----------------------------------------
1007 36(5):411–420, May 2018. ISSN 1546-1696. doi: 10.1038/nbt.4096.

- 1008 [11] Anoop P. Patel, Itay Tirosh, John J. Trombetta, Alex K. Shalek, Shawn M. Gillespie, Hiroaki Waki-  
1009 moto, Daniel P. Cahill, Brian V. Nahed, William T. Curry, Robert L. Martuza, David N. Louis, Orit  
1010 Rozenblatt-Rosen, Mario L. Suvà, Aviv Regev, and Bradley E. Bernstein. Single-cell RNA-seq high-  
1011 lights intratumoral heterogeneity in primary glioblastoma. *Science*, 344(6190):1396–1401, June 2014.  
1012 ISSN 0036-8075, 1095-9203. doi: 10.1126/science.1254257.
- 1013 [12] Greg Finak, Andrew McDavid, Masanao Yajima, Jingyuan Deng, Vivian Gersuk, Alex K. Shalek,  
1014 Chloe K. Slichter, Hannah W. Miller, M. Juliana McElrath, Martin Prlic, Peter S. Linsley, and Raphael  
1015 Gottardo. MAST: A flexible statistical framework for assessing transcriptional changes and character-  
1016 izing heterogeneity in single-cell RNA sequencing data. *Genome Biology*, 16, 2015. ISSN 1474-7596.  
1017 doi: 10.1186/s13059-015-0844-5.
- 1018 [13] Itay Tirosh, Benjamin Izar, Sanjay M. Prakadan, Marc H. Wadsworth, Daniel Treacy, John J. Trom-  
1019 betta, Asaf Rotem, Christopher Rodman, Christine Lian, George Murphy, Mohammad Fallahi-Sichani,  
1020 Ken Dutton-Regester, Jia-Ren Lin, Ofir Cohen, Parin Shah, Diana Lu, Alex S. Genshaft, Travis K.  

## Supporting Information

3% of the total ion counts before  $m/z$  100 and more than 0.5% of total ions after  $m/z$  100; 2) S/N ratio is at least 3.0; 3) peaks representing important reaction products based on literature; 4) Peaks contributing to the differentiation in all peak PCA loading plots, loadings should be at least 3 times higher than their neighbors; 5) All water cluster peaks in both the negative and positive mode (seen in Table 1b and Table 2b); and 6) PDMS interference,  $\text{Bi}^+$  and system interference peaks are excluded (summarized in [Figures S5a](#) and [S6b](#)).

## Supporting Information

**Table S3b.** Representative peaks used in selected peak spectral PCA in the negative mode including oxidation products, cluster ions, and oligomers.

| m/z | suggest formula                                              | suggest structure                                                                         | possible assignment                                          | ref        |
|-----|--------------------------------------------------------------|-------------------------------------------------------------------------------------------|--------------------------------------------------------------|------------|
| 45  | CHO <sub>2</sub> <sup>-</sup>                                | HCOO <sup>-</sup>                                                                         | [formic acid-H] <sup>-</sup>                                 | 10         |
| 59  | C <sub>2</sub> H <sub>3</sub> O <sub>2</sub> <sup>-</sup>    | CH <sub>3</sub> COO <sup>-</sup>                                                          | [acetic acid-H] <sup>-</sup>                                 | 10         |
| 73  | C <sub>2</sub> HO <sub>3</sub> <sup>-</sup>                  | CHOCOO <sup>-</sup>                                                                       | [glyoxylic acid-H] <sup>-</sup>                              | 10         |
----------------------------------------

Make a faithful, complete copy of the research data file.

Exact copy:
1007 36(5):411–420, May 2018. ISSN 1546-1696. doi: 10.1038/nbt.4096.

- 1008 [11] Anoop P. Patel, Itay Tirosh, John J. Trombetta, Alex K. Shalek, Shawn M. Gillespie, Hiroaki Waki-  
1009 moto, Daniel P. Cahill, Brian V. Nahed, William T. Curry, Robert L. Martuza, David N. Louis, Orit  
1010 Rozenblatt-Rosen, Mario L. Suvà, Aviv Regev, and Bradley E. Bernstein. Single-cell RNA-seq high-  
1011 lights intratumoral heterogeneity in primary glioblastoma. *Science*, 344(6190):1396–1401, June 2014.  
1012 ISSN 0036-8075, 1095-9203. doi: 10.1126/science.1254257.
- 1013 [12] Greg Finak, Andrew McDavid, Masanao Yajima, Jingyuan Deng, Vivian Gersuk, Alex K. Shalek,  
1014 Chloe K. Slichter, Hannah W. Miller, M. Juliana McElrath, Martin Prlic, Peter S. Linsley, and Raphael  
1015 Gottardo. MAST: A flexible statistical framework for assessing transcriptional changes and character-  
1016 izing heterogeneity in single-cell RNA sequencing data. *Genome Biology*, 16, 2015. ISSN 1474-7596.  
1017 doi: 10.1186/s13059-015-0844-5.
- 1018 [13] Itay Tirosh, Benjamin Izar, Sanjay M. Prakadan, Marc H. Wadsworth, Daniel Treacy, John J. Trom-  
1019 betta, Asaf Rotem, Christopher Rodman, Christine Lian, George Murphy, Mohammad Fallahi-Sichani,  
1020 Ken Dutton-Regester, Jia-Ren Lin, Ofir Cohen, Parin Shah, Diana Lu, Alex S. Genshaft, Travis K.  

## Supporting Information

3% of the total ion counts before  $m/z$  100 and more than 0.5% of total ions after  $m/z$  100; 2) S/N ratio is at least 3.0; 3) peaks representing important reaction products based on literature; 4) Peaks contributing to the differentiation in all peak PCA loading plots, loadings should be at least 3 times higher than their neighbors; 5) All water cluster peaks in both the negative and positive mode (seen in Table 1b and Table 2b); and 6) PDMS interference,  $\text{Bi}^+$  and system interference peaks are excluded (summarized in [Figures S5a](#) and [S6b](#)).

## Supporting Information

**Table S3b.** Representative peaks used in selected peak spectral PCA in the negative mode including oxidation products, cluster ions, and oligomers.

| m/z | suggest formula                                              | suggest structure                                                                         | possible assignment                                          | ref        |
|-----|--------------------------------------------------------------|-------------------------------------------------------------------------------------------|--------------------------------------------------------------|------------|
| 45  | CHO <sub>2</sub> <sup>-</sup>                                | HCOO <sup>-</sup>                                                                         | [formic acid-H] <sup>-</sup>                                 | 10         |
| 59  | C <sub>2</sub> H <sub>3</sub> O <sub>2</sub> <sup>-</sup>    | CH <sub>3</sub> COO <sup>-</sup>                                                          | [acetic acid-H] <sup>-</sup>                                 | 10         |
| 73  | C <sub>2</sub> HO <sub>3</sub> <sup>-</sup>                  | CHOCOO <sup>-</sup>                                                                       | [glyoxylic acid-H] <sup>-</sup>                              | 10         |